Thursday, May 20, 2021

A feature, not a bug

 Ross Douthat had a tweet about this figure from a article, which was based on data from the Varieties of Democracy project:  


 His comment was "It's the totally-flat blue line that tells you this chart is super-serious."  He was being sarcastic, but ironically he was right:  it is the flat blue line that tells you it is a serious measure of what it purports to measure.  In an established democracy, normally all of the major parties accept the rules of the game:  they don't try to block their opponents from running or interfere with the counting of votes; if they lose, they leave office, and if they win they don't try to put their opponents in jail or change the rules to make it harder for them to compete.  The result is lines with values near zero and very little variation over time (V-Dem calls it an "illiberalism index" although the 538 figure reversed it so that high numbers mean acceptance of liberal democracy).  

As an example, here are values for Australia:


The two slightly higher values are for short-lived minor parties--all of the major parties, left, right, and center, have values like .05, with hardly any variation.

Or Germany:


All low except for the right-wing populist "Alternative for Germany" (AfD) party in the last couple of elections.  The only other one that is distinguishable is the PDS, the successor to the East German Communist party, which started out higher in "illiberalism" but soon became similar to the other parties.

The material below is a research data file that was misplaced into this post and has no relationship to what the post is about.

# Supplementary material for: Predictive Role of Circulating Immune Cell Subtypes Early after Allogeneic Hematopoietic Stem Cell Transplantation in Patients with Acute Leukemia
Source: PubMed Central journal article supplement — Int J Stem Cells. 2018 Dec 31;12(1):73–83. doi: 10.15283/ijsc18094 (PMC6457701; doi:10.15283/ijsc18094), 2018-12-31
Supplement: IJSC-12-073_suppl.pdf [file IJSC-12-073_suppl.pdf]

Things get more interesting when you look at emerging or unstable democracies.  In Mexico, the Institutional Revolutionary Party was high in "illiberalism," but now has a more moderate value.  Note also that all three of the major parties increased their values in 2006, when there was a close election with a disputed outcome. 

Then there is the United States:  

There was a clear increase for the Republican party after 2000, and a big jump in 2016.  It seems safe to say that there will be another increase when they get 2020 in there.  

What has happened in the United States is very unusual, and may be unique.  I'll look more closely at the data in the future to see if there are any other cases of a major party in an established democracy dramatically increasing its illiberalism score.  

The index is based on expert judgments, and of course you could disagree with those judgments.  I agree about the differential trends for the Democratic and Republican parties, but think there's something funny about the levels.  The Republican values in 2016-18 are about 0.7, roughly equal to the AfD and considerably higher than the French Communist party of the 1970s (which was about 0.45).  Even with the way it is now, I'd say that the Republican party is more committed to democracy than the AfD is or the French Communists were.  Also, the American scores are consistently higher than other democracies--at their lowest, the Democrats were typically about .12 and the Republicans about 0.18, considerably higher than the Australian or German parties.  The United States has a very unusual political system, and I think that the V-Dem approach to measurement doesn't fit as well here as in most democracies.  I'll also consider that point in a future post. 

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